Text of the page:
The YMCA of the Greater Twin Cities has agreed to provide an American Sign Language interpreter for deaf parents Jacob and Calena Lingle so they can fully participate in their daughter Aria's swim classes at the Hastings Y.

After trying to negotiate for a year, the Lingles and their daughter, now 2½, sued the YMCA earlier this month, alleging that its refusal to provide an adequate means for them to communicate violated state and federal laws.

A day after the lawsuit was filed June 12 in Hennepin County District Court, the Lingles received an e-mail from the Y saying an interpreter would be made available, but only for the first of the seven-session Seahorse classes.

The Lingles' attorney, Rick Macpherson, of the Minnesota Disability Law Center, said Wednesday that he received an e-mail Monday from the Y's attorney saying the organization had decided to provide an interpreter for all the classes.

While the lawsuit has not been settled, Macpherson said the Y proposed putting the litigation on hold while it develops a new policy and resolves the other issues in the case.

"The Lingles are fine with that arrangement," Macpherson said. "The Y has said they plan to involve representatives from the deaf community in coming up with the policy."

The Lingles will have a role in that and the policy must be acceptable to them before they decide to settle the lawsuit. Because the suit has been filed, a judge will have to approve a timetable for the negotiations, the attorney said. Those details have not been worked out yet.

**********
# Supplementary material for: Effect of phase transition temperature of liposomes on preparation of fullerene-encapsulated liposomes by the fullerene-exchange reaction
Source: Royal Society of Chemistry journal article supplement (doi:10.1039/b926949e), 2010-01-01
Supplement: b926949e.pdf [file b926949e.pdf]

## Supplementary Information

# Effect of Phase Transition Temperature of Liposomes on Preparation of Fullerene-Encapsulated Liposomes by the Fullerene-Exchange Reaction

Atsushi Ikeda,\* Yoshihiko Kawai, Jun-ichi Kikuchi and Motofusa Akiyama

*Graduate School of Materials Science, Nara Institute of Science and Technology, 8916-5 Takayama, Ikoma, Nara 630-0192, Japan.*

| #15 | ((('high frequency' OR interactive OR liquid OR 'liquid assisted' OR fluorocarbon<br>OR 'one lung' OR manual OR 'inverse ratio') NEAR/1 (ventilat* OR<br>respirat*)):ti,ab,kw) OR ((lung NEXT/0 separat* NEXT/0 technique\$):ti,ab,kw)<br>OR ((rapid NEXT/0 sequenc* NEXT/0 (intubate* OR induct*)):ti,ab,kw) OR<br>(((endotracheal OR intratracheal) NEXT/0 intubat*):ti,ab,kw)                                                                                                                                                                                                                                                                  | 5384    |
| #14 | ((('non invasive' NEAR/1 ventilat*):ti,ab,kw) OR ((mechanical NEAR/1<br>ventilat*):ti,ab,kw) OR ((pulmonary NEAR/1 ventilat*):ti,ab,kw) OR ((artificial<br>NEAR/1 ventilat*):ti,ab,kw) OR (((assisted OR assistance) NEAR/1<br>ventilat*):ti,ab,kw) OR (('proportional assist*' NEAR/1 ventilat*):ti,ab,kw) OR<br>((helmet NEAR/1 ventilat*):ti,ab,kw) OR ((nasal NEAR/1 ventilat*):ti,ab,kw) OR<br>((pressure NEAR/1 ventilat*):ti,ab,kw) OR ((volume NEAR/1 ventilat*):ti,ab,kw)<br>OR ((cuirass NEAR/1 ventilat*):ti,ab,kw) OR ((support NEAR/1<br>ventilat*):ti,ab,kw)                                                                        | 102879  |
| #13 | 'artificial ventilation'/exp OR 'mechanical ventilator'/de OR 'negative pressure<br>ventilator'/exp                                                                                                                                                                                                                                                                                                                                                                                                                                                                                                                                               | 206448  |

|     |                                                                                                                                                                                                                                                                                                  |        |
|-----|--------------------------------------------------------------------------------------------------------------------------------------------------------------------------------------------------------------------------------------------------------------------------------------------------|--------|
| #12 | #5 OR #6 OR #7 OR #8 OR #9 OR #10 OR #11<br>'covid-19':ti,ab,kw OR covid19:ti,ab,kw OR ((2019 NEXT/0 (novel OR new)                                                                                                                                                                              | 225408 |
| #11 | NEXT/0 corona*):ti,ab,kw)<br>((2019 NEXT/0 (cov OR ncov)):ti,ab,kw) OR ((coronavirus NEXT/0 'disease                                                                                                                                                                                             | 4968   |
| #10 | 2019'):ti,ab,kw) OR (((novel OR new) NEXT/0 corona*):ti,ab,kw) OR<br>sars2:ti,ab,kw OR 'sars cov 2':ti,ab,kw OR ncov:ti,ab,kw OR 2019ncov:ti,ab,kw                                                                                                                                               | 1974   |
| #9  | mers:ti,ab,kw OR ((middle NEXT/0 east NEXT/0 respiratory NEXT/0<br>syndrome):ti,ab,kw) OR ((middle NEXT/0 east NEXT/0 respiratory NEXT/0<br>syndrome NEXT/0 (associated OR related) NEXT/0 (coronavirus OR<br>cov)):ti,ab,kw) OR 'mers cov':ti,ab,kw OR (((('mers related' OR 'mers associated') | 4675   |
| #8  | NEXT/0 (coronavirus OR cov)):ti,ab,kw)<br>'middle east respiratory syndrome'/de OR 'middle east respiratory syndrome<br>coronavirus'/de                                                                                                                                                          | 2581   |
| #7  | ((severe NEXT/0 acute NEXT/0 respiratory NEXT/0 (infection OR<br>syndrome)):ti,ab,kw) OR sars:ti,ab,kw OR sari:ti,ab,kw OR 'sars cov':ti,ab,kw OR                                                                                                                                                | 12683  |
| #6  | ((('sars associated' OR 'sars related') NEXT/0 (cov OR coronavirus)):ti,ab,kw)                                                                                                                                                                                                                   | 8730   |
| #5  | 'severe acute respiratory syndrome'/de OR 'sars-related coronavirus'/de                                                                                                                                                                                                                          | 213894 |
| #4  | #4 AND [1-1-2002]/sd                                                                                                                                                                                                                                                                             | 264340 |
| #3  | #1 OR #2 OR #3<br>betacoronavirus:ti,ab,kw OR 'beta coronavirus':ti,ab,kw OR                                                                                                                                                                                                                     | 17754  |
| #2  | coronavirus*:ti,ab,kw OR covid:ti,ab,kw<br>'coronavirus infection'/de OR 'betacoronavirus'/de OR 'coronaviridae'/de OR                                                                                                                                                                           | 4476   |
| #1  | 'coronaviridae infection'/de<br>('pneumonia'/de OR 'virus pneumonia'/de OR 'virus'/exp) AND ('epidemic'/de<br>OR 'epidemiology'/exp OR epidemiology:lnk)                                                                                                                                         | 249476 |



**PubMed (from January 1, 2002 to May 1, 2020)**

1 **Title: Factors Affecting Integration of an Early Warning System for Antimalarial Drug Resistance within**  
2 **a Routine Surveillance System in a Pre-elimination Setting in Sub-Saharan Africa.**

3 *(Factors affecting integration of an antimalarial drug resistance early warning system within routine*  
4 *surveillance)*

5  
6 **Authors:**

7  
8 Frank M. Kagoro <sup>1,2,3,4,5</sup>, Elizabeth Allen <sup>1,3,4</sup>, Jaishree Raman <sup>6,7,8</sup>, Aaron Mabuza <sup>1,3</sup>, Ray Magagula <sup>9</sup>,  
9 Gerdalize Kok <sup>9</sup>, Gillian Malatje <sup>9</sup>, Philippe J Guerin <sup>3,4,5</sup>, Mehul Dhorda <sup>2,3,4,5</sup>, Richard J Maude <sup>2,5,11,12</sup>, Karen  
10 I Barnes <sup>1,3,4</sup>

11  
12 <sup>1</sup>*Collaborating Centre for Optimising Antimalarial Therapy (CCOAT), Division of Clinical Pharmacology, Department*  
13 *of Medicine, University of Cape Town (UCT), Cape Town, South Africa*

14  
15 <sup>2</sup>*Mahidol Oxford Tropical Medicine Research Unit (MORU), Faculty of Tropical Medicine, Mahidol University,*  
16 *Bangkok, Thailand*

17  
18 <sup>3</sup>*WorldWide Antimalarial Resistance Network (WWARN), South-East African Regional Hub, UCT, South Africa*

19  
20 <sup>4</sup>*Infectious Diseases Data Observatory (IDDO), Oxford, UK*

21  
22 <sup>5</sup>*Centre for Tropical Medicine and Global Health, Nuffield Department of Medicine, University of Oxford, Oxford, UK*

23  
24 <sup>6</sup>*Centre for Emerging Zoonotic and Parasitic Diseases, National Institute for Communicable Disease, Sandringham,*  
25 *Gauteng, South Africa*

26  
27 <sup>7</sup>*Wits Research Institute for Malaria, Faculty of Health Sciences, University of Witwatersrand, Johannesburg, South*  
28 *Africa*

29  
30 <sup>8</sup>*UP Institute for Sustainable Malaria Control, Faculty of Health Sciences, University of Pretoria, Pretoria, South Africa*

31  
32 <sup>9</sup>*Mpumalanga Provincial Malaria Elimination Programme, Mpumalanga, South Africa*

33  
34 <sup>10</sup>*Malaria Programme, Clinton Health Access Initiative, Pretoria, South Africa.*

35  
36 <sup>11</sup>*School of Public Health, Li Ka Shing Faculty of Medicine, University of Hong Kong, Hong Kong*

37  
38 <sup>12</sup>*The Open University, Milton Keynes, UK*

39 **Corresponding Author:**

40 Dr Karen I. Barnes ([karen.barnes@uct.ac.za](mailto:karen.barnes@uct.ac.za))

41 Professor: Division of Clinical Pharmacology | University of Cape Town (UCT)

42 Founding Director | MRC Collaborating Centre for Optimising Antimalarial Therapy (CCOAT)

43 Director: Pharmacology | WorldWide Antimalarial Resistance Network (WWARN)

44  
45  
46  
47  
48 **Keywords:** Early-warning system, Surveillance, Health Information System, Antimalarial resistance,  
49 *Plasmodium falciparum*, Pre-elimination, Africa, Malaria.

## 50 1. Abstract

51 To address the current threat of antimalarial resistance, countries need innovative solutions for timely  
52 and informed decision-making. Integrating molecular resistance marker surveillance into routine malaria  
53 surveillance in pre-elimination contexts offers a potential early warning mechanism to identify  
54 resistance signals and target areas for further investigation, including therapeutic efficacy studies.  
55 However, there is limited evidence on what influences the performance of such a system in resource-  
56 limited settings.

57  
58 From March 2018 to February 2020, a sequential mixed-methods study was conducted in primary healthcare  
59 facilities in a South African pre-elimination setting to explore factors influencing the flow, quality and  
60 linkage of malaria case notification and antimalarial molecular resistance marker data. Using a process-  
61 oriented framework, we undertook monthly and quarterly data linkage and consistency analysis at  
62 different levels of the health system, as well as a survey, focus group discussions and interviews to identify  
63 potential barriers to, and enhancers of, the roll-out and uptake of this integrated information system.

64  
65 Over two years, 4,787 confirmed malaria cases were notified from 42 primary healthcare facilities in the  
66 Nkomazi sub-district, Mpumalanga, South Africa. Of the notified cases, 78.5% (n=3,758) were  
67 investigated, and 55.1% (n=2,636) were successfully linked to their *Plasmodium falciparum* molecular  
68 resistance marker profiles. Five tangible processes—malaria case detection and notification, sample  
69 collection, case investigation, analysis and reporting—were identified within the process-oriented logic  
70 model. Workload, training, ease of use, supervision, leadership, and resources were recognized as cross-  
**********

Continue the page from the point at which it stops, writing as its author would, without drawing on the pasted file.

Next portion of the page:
"The clients are happy they will be able to participate in the rest of the classes," Macpherson said. "They're committed to doing whatever they can so that the policy is a good one and works for everybody. There are lots of ways to work out cost-effective ways of doing it."

Jacob and Calena Lingle, 27 and 25 respectively, have been deaf since birth. Their daughter can hear; her first language was ASL.

The family vacations each year on Cass Lake in northern Minnesota and wanted Aria to be comfortable in the water so she could play with her 20 cousins.

They first contacted the YMCA in June 2013 to enroll in the Sea Lion parent-child swim classes and learn about flotation devices, signs of drowning and other facets of water safety. They repeatedly requested an interpreter. The Y refused, saying it was too hard to find a qualified interpreter and too expensive to provide one for every class.

The Y did say it would provide a second instructor and written materials for the Sea Lion classes. But the second instructor was there only for the first class and the written instructions weren't practical to use in the water, Jacob Lingle said.

"I learned nothing," Lingle said through an interpreter about his experiences in the classes last summer. "I didn't understand what was going on. I felt like I was the slowest one there. I found that very embarrassing."

In contrast, after the first Seahorse class this summer — with an interpreter — Lingle said, "I felt like I was in a completely different world with the interpreter present. I could see what the other parents were asking, I could stay focused on my daughter rather than being on a swivel where I have to constantly look around to follow the other parents. I could keep up with the pace of the class rather than being behind."

Bob Halagan, an attorney representing the YMCA, said that because the case involves pending litigation, he cannot comment.

Pat Pheifer • 952-746-3284